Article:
To me, Ledger’s Joker isn’t based on a specific interpretation, but is a distillation of many of the elements that have been explored in the last 30 or so years. The psychosis, the chaos… the need to challenge society’s mores. There’s probably some of Ledger’s own reading of the character as well, the details of which we’ll never know of course.
I hope everyone will forgive for quoting my own post, but I feel the need to elaborate a bit on further reflection.
In “The Dark Knight”, during his second appearance at the “mob council”, he insists the he’s “not crazy” (He says it twice). It’s a line delivered with softness and subtlety and is easily dismissed, but I think it goes to the heart of Ledger’s interpretation and reminds me of a line in “Arkham Asylum: A Serious House on a Serious Earth” by Grant Morrison. (It’s been years since I read it, it’s buried in a box somewhere, so bear with me) In that GN one of the psychologists makes the observation that The Joker creates his own reality each time he wakes every morning. Sometimes he sees himself as a psychotic killer, other times as a campy criminal. If we see ourselves in a mirror when we awaken then The Joker sees himself in a pane of glass that’s been shattered into a million pieces. I believe that in the GN it’s referred to as “Supersanity”, or something to that effect.
The Joker doesn’t see himself as insane, or perhaps he does but simply embraces it as a label that an insane world places on him. He’s attempting to turn that mirror back on itself, to convince the world that his version of ‘sanity’, makes more sense. (Reminiscent, perhaps, of his conversation with Dent in the hospital.)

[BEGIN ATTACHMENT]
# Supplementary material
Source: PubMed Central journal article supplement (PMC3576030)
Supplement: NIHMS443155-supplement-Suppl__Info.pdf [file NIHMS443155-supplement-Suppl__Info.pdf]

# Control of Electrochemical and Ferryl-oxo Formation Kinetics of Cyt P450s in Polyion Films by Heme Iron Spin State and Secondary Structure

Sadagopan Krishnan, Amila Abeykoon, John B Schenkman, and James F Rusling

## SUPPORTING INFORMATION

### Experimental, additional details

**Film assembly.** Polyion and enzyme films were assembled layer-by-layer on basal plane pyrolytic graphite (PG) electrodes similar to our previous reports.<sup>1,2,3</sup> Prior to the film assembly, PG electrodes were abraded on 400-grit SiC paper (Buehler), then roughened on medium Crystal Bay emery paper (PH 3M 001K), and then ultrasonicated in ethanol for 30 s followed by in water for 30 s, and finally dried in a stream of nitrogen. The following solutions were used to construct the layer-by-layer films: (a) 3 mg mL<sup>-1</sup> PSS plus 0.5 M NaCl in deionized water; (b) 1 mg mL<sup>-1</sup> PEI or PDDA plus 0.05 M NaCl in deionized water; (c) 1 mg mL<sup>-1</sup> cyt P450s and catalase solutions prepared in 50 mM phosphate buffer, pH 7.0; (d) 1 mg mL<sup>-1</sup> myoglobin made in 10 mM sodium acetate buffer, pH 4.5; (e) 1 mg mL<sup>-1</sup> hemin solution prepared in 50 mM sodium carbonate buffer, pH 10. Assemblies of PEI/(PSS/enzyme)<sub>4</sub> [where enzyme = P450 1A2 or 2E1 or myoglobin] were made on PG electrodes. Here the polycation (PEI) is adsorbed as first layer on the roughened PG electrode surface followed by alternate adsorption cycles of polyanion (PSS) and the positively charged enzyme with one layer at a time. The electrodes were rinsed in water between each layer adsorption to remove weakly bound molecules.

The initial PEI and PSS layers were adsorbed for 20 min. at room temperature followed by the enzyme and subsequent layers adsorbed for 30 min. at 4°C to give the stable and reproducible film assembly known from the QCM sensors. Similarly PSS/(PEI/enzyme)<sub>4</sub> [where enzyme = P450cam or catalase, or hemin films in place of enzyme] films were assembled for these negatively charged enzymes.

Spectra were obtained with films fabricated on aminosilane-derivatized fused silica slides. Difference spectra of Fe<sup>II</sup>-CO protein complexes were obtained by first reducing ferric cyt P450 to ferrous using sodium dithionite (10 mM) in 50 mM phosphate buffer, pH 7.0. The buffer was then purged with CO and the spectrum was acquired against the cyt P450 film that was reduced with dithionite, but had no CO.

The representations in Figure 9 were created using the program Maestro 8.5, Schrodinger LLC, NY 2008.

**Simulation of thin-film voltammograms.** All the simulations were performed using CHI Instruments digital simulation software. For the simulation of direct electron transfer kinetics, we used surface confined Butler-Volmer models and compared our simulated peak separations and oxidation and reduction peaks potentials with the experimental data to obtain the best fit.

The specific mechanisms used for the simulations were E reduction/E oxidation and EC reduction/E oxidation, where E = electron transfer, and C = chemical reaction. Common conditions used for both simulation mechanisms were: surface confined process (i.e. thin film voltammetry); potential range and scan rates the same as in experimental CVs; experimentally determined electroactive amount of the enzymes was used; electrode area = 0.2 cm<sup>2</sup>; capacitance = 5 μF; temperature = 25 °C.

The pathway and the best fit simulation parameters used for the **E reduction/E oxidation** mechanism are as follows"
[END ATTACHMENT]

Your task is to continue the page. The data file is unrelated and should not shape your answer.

To bring this back the OP. money simply has no inherent worth, it’s a means to an end, nothing more. I hope I haven’t went off on “tangent” here.
I would say that a great deal of “Dark Knight”'s joker doesn’t come so much from the comic books as a grittier turn of Jack Nicholson’s Joker, itself a darker take on Cesar Romero.
But I would credit the idea of The Joker being an agent of chaos and mayhem as opposed to a funny-looking crook with a clown motif to the great Dennis O’neil.
By the way, a very similar joker to Heath Ledger’s can be found in the 90’s animated series “The Batman”, but I couldn’t say that there’s a direct influence.
I’m of the opinion that the closest one is the Morrison/McKeon Joker from Arkham Asylum: ASHOASE. The explanation of the origin of the ‘grin’ seemed to fit very nicely with the ‘choose-your-own-reality’ sensitivities of that Joker.
The Killing Joke predates A Serious House by 3 years, and his constantly shifting stories about the origin of his Chelsea grin is a perfect example of the ‘if I must have an origin’ conversation from KJ. (And his whole deal with Dent is also a direct reference to KJ, though the target is switched from Gordon to Dent.)
The closest I’ve seen is Frank Miller’s from The Dark Knight Returns, but I think Ledger’s Joker is original.
I’d chalk it up with the Killing Joke’s Joker and a bit of Frank Miller’s thrown in. But def. more killing joke.
Even the plot was sorta similar in that the Joker was out to prove that anyone could go corrupt if they’ve had one bad enough day. It was just done to Dent more so than Gordon in the film.